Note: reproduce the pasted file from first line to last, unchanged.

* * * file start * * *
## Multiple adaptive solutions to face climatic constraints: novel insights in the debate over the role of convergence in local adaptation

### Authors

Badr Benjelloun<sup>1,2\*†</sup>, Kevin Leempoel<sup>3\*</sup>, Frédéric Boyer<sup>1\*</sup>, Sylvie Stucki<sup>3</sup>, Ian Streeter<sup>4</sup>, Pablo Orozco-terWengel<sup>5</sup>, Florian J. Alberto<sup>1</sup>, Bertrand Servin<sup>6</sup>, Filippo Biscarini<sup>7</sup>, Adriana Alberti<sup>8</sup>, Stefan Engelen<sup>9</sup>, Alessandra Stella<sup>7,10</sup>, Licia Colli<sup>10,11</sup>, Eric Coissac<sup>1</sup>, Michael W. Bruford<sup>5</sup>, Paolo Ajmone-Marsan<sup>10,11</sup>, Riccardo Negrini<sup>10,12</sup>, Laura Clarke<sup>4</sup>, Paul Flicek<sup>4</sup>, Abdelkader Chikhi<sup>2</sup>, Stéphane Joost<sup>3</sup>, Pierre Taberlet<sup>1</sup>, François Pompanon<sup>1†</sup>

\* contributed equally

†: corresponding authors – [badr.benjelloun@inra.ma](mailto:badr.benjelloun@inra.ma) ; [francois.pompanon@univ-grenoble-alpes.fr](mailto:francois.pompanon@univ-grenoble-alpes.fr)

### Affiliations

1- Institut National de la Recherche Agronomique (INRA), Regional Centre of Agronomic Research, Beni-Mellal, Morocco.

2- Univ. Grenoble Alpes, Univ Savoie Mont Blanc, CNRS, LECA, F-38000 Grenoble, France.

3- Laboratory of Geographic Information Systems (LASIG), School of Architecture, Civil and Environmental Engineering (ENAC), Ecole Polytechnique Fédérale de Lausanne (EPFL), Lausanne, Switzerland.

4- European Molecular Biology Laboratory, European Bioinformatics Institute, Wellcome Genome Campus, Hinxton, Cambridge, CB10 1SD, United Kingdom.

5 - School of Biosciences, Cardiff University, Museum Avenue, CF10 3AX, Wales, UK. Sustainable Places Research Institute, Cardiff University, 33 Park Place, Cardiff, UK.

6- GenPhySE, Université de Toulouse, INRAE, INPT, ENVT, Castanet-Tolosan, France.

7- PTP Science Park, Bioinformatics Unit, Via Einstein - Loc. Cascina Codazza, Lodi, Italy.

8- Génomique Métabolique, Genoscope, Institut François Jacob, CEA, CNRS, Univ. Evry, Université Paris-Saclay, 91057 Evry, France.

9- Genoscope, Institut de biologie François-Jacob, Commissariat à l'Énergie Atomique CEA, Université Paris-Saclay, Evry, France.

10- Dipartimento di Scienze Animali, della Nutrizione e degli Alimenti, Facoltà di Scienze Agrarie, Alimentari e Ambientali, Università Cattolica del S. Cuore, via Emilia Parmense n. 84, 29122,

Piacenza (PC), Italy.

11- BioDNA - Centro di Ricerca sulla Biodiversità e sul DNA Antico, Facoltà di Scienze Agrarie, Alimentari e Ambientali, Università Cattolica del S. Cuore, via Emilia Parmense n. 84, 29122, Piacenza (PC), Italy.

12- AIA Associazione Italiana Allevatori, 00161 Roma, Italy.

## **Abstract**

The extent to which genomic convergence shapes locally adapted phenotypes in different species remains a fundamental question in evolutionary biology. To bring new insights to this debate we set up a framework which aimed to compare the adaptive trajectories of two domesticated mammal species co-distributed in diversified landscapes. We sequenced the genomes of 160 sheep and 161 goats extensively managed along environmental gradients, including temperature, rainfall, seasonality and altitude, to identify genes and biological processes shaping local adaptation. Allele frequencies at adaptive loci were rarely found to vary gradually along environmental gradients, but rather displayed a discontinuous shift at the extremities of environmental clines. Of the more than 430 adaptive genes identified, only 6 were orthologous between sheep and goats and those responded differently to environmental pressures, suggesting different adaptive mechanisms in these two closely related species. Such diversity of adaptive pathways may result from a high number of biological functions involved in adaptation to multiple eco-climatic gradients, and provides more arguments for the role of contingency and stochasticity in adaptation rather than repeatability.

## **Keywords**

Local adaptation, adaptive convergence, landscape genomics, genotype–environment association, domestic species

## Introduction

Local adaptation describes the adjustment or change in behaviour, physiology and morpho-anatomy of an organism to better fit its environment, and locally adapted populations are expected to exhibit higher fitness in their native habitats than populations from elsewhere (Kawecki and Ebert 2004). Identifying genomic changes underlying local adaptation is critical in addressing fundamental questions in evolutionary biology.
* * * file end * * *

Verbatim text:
## Multiple adaptive solutions to face climatic constraints: novel insights in the debate over the role of convergence in local adaptation

### Authors

Badr Benjelloun<sup>1,2\*†</sup>, Kevin Leempoel<sup>3\*</sup>, Frédéric Boyer<sup>1\*</sup>, Sylvie Stucki<sup>3</sup>, Ian Streeter<sup>4</sup>, Pablo Orozco-terWengel<sup>5</sup>, Florian J. Alberto<sup>1</sup>, Bertrand Servin<sup>6</sup>, Filippo Biscarini<sup>7</sup>, Adriana Alberti<sup>8</sup>, Stefan Engelen<sup>9</sup>, Alessandra Stella<sup>7,10</sup>, Licia Colli<sup>10,11</sup>, Eric Coissac<sup>1</sup>, Michael W. Bruford<sup>5</sup>, Paolo Ajmone-Marsan<sup>10,11</sup>, Riccardo Negrini<sup>10,12</sup>, Laura Clarke<sup>4</sup>, Paul Flicek<sup>4</sup>, Abdelkader Chikhi<sup>2</sup>, Stéphane Joost<sup>3</sup>, Pierre Taberlet<sup>1</sup>, François Pompanon<sup>1†</sup>

\* contributed equally

†: corresponding authors – [badr.benjelloun@inra.ma](mailto:badr.benjelloun@inra.ma) ; [francois.pompanon@univ-grenoble-alpes.fr](mailto:francois.pompanon@univ-grenoble-alpes.fr)

### Affiliations

1- Institut National de la Recherche Agronomique (INRA), Regional Centre of Agronomic Research, Beni-Mellal, Morocco.

2- Univ. Grenoble Alpes, Univ Savoie Mont Blanc, CNRS, LECA, F-38000 Grenoble, France.

3- Laboratory of Geographic Information Systems (LASIG), School of Architecture, Civil and Environmental Engineering (ENAC), Ecole Polytechnique Fédérale de Lausanne (EPFL), Lausanne, Switzerland.

4- European Molecular Biology Laboratory, European Bioinformatics Institute, Wellcome Genome Campus, Hinxton, Cambridge, CB10 1SD, United Kingdom.

5 - School of Biosciences, Cardiff University, Museum Avenue, CF10 3AX, Wales, UK. Sustainable Places Research Institute, Cardiff University, 33 Park Place, Cardiff, UK.

6- GenPhySE, Université de Toulouse, INRAE, INPT, ENVT, Castanet-Tolosan, France.

7- PTP Science Park, Bioinformatics Unit, Via Einstein - Loc. Cascina Codazza, Lodi, Italy.

8- Génomique Métabolique, Genoscope, Institut François Jacob, CEA, CNRS, Univ. Evry, Université Paris-Saclay, 91057 Evry, France.

9- Genoscope, Institut de biologie François-Jacob, Commissariat à l'Énergie Atomique CEA, Université Paris-Saclay, Evry, France.

10- Dipartimento di Scienze Animali, della Nutrizione e degli Alimenti, Facoltà di Scienze Agrarie, Alimentari e Ambientali, Università Cattolica del S. Cuore, via Emilia Parmense n. 84, 29122,

Piacenza (PC), Italy.

11- BioDNA - Centro di Ricerca sulla Biodiversità e sul DNA Antico, Facoltà di Scienze Agrarie, Alimentari e Ambientali, Università Cattolica del S. Cuore, via Emilia Parmense n. 84, 29122, Piacenza (PC), Italy.

12- AIA Associazione Italiana Allevatori, 00161 Roma, Italy.

## **Abstract**

The extent to which genomic convergence shapes locally adapted phenotypes in different species remains a fundamental question in evolutionary biology. To bring new insights to this debate we set up a framework which aimed to compare the adaptive trajectories of two domesticated mammal species co-distributed in diversified landscapes. We sequenced the genomes of 160 sheep and 161 goats extensively managed along environmental gradients, including temperature, rainfall, seasonality and altitude, to identify genes and biological processes shaping local adaptation. Allele frequencies at adaptive loci were rarely found to vary gradually along environmental gradients, but rather displayed a discontinuous shift at the extremities of environmental clines. Of the more than 430 adaptive genes identified, only 6 were orthologous between sheep and goats and those responded differently to environmental pressures, suggesting different adaptive mechanisms in these two closely related species. Such diversity of adaptive pathways may result from a high number of biological functions involved in adaptation to multiple eco-climatic gradients, and provides more arguments for the role of contingency and stochasticity in adaptation rather than repeatability.

## **Keywords**

Local adaptation, adaptive convergence, landscape genomics, genotype–environment association, domestic species

## Introduction

Local adaptation describes the adjustment or change in behaviour, physiology and morpho-anatomy of an organism to better fit its environment, and locally adapted populations are expected to exhibit higher fitness in their native habitats than populations from elsewhere (Kawecki and Ebert 2004). Identifying genomic changes underlying local adaptation is critical in addressing fundamental questions in evolutionary biology.